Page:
It’s clear that the Internet is a stellar platform for going “vertical” to dig out and present information. In this case, I actually was looking for tofu-related clothing.
Somehow, I came across Henry Ford’s experimental ”Soybean Car.” And I thought: Look at this.
His vehicle from the early 1940s was not some squishy soybean cake mobile with a bean curd bumper and tofu top.
So, why did he do it?
Ford, who was known for tinkering, apparently wanted to marry agriculture with industry, the center reported. He also thought plastic could replace traditional steel and that it was actually safer for cars.
The research center notes two explanations of how soybeans became part of the plastic panels for this vehicle:
One article claims that they were made from a chemical formula that, among many other ingredients, included soybeans, wheat, hemp, flax and ramie; while the man who was instrumental in creating the car, Lowell E. Overly, claims it was ‘…soybean fiber in a phenolic resin with formaldehyde used in the impregnation.’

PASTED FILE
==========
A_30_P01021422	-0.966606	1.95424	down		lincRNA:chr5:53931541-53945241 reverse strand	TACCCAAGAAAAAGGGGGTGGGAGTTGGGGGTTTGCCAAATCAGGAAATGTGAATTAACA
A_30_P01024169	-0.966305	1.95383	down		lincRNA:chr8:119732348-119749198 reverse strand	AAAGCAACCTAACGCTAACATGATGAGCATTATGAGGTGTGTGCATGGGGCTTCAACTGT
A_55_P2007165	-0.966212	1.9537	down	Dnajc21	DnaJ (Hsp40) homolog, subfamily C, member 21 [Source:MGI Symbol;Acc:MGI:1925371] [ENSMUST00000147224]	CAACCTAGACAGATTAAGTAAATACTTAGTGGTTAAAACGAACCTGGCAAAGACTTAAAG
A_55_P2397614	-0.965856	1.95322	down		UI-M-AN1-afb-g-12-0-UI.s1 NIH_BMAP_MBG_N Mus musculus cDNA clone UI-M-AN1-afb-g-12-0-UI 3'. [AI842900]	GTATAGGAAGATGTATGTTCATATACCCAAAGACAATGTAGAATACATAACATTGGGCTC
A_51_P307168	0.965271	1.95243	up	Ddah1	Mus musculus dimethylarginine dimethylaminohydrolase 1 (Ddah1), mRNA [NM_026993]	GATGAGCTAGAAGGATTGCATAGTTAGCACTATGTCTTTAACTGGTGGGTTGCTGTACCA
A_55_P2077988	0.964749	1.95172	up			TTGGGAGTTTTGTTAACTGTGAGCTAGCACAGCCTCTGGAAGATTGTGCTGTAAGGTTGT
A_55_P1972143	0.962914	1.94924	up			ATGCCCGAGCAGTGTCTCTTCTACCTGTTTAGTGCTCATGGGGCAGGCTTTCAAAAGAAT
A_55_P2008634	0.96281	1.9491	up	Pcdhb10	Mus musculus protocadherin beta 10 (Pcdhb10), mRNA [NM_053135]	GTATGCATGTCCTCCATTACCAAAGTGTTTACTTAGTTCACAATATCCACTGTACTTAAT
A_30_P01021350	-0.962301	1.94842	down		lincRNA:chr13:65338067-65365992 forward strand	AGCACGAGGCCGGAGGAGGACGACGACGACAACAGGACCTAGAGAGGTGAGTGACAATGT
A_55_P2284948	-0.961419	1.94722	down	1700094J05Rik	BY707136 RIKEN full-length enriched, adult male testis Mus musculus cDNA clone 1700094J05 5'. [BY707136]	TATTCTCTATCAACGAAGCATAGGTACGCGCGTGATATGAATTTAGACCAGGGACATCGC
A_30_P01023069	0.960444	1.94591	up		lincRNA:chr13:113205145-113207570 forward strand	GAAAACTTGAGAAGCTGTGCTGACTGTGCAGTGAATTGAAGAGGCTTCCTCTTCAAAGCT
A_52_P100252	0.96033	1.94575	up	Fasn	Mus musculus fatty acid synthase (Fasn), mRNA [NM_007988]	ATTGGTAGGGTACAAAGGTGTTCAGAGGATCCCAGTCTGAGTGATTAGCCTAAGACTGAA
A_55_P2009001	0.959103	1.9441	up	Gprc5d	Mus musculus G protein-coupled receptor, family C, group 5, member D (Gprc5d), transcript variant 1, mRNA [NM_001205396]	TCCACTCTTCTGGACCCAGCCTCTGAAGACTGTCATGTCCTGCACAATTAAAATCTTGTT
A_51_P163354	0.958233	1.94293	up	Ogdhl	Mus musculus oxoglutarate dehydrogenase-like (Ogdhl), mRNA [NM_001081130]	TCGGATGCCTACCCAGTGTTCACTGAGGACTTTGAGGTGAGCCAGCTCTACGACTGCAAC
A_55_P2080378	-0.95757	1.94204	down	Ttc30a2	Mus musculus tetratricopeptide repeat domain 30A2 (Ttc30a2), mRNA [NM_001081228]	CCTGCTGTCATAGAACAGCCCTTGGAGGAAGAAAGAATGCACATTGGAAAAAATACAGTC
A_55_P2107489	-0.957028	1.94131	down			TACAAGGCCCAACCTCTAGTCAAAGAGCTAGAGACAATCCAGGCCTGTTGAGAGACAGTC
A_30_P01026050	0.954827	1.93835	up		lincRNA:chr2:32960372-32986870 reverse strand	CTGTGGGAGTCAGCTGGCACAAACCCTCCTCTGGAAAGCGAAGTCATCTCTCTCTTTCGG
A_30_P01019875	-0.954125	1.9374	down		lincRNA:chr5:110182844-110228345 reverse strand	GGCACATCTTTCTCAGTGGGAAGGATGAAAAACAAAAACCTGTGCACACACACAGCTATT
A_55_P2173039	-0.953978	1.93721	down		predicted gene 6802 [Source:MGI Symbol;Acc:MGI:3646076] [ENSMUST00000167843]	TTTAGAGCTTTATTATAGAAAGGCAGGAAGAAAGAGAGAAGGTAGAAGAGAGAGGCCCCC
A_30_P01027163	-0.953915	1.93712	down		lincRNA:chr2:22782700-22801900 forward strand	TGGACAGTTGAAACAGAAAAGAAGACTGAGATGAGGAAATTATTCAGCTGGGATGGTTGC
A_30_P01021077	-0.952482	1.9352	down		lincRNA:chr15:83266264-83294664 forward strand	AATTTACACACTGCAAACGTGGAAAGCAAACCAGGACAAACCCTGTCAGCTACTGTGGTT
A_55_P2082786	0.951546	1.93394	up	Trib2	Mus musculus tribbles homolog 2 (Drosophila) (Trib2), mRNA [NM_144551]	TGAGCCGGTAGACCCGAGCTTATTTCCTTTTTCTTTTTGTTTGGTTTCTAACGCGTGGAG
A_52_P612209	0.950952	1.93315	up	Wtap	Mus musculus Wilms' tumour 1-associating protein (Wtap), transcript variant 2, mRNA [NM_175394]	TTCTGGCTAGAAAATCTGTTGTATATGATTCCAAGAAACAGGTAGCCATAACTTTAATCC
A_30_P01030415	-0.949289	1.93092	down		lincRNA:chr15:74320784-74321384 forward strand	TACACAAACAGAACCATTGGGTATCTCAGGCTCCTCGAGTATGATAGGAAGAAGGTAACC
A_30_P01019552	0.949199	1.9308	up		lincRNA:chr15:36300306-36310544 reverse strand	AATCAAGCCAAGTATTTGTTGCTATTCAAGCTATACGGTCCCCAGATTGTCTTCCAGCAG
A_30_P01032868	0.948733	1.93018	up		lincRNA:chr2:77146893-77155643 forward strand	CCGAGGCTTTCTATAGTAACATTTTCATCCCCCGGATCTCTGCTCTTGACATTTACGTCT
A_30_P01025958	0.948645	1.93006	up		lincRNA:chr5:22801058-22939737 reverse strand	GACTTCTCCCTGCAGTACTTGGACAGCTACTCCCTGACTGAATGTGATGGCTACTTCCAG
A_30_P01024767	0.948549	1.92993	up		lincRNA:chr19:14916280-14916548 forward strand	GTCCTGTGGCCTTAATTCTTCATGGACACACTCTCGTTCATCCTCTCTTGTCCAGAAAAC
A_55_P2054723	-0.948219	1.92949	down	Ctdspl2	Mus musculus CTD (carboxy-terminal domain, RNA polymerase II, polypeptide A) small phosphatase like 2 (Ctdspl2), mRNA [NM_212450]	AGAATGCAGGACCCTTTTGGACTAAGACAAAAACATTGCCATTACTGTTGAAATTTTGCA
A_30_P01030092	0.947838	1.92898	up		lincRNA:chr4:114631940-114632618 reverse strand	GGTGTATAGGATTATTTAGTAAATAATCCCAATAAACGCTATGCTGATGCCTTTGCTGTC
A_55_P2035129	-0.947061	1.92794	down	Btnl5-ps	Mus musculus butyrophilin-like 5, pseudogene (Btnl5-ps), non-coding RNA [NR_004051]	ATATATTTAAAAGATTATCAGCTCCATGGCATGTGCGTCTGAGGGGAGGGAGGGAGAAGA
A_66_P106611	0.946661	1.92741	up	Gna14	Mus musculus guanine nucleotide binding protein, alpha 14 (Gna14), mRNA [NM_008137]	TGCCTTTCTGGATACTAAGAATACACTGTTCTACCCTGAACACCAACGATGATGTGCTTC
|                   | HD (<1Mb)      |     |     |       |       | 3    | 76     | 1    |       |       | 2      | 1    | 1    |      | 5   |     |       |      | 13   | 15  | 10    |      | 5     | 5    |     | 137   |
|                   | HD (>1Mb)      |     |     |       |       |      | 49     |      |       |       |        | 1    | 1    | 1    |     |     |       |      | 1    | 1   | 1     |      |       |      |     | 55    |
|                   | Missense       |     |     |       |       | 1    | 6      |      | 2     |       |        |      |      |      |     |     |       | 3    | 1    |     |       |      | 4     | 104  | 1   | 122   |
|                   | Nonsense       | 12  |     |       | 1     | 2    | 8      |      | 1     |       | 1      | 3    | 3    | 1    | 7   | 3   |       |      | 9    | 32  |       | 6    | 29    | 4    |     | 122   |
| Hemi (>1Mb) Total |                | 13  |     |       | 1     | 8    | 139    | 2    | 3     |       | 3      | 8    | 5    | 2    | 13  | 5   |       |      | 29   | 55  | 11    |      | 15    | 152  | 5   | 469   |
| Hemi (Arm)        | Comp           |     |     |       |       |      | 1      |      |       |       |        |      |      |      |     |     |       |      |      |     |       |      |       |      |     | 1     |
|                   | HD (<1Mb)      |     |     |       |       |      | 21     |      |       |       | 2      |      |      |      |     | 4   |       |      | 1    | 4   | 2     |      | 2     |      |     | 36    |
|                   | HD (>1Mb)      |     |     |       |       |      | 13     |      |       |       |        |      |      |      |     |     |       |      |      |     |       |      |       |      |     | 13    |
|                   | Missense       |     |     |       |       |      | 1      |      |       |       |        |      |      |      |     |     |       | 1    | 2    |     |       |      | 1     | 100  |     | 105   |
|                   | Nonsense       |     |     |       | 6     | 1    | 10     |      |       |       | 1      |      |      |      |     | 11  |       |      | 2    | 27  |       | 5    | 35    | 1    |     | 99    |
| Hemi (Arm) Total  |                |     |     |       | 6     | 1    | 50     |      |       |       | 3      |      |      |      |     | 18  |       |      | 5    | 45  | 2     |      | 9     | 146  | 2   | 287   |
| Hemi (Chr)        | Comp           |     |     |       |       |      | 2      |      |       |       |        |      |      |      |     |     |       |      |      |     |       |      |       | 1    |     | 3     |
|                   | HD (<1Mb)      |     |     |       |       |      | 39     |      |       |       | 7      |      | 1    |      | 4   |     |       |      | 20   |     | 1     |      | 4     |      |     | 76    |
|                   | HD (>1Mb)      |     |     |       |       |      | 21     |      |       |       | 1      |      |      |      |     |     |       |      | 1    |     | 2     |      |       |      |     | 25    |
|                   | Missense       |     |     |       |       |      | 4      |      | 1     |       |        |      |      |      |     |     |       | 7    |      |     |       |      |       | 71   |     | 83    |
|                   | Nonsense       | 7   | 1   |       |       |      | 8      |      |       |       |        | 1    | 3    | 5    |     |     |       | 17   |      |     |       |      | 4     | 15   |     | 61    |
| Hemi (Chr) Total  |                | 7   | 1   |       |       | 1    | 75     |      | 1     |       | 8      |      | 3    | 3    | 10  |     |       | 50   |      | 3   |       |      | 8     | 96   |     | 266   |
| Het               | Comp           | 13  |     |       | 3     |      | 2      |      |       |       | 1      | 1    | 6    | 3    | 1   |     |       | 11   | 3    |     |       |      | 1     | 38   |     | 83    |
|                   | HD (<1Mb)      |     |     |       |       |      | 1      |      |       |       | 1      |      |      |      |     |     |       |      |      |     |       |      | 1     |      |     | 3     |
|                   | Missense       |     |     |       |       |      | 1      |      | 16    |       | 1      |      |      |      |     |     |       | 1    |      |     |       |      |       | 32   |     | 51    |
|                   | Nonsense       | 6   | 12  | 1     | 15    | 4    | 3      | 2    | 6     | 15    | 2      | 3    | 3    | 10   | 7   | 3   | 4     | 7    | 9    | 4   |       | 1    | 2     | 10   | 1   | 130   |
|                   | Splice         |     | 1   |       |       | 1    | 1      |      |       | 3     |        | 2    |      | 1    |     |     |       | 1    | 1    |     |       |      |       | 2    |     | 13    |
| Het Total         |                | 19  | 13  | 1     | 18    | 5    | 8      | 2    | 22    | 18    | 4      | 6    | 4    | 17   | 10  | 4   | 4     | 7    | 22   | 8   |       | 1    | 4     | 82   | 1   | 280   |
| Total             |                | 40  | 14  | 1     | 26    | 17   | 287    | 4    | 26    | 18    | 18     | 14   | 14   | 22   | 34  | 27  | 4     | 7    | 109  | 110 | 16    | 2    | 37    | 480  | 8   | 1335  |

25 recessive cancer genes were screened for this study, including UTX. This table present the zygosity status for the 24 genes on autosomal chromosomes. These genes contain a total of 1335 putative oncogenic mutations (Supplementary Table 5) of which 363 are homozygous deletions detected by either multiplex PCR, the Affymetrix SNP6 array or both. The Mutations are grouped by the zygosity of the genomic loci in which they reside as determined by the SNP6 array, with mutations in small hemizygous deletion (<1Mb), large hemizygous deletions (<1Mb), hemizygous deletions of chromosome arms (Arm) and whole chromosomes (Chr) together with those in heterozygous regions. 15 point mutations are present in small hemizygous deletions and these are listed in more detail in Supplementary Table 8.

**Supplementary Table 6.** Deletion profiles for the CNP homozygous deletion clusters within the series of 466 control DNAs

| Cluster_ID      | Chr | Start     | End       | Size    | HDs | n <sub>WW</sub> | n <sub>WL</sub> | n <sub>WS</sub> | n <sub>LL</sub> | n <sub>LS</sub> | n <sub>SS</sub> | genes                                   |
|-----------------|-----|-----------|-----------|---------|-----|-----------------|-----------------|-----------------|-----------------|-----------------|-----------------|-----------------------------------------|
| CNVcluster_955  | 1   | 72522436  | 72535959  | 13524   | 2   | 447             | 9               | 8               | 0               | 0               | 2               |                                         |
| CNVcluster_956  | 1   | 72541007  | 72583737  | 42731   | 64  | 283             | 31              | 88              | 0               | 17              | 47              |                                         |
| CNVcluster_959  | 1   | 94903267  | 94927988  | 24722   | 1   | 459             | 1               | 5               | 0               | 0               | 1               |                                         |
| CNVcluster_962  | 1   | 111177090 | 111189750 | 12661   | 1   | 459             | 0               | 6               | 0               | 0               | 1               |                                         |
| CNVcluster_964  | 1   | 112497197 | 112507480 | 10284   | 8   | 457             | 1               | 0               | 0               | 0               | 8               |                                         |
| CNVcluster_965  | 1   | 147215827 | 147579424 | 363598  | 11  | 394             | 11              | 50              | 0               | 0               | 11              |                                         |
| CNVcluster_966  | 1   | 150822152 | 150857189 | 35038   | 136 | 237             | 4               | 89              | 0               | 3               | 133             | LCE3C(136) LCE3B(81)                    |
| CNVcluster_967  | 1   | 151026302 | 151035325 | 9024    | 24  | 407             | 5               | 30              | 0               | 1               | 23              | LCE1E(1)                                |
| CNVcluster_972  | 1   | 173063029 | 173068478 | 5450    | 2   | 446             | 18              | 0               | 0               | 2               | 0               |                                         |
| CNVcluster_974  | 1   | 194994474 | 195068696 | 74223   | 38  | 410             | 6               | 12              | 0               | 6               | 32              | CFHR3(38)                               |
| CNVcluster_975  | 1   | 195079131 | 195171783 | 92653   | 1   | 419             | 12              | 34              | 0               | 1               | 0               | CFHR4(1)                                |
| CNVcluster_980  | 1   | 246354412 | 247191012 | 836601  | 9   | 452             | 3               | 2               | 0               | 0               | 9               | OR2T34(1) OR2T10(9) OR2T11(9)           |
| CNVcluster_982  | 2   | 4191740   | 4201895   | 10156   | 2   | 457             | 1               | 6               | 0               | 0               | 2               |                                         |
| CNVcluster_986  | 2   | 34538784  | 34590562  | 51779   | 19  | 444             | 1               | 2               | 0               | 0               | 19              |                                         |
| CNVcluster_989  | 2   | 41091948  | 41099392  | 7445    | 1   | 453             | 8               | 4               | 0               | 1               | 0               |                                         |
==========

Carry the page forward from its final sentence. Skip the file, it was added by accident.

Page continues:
The main problem: There is no record of the formula that he used.
Ford unveiled the car in August 1941. But automobile production came to a halt during World War II. So did continued research on the “Soybean Car,” which reportedly was destroyed.
Engineering certainly was one impetus for Ford, the automotive pioneer, to put his brainpower behind the car.
But there is evidence, sartorial in this case, that he long had an interest in soybeans.
On several occasions, between 1934 and 1943, he entertained reporters at luncheons, in which every course contained soybeans, from tomato juice with soybean sauce to soybean cookies and soybean candy for dessert.
The restaurant even features Ford posing in a light-colored soybean suit for his 78th birthday.
The remaining portion was sheep’s wool.
In the late 1930s, they write, he also showed up in a tie, which was made from soybean “wool.”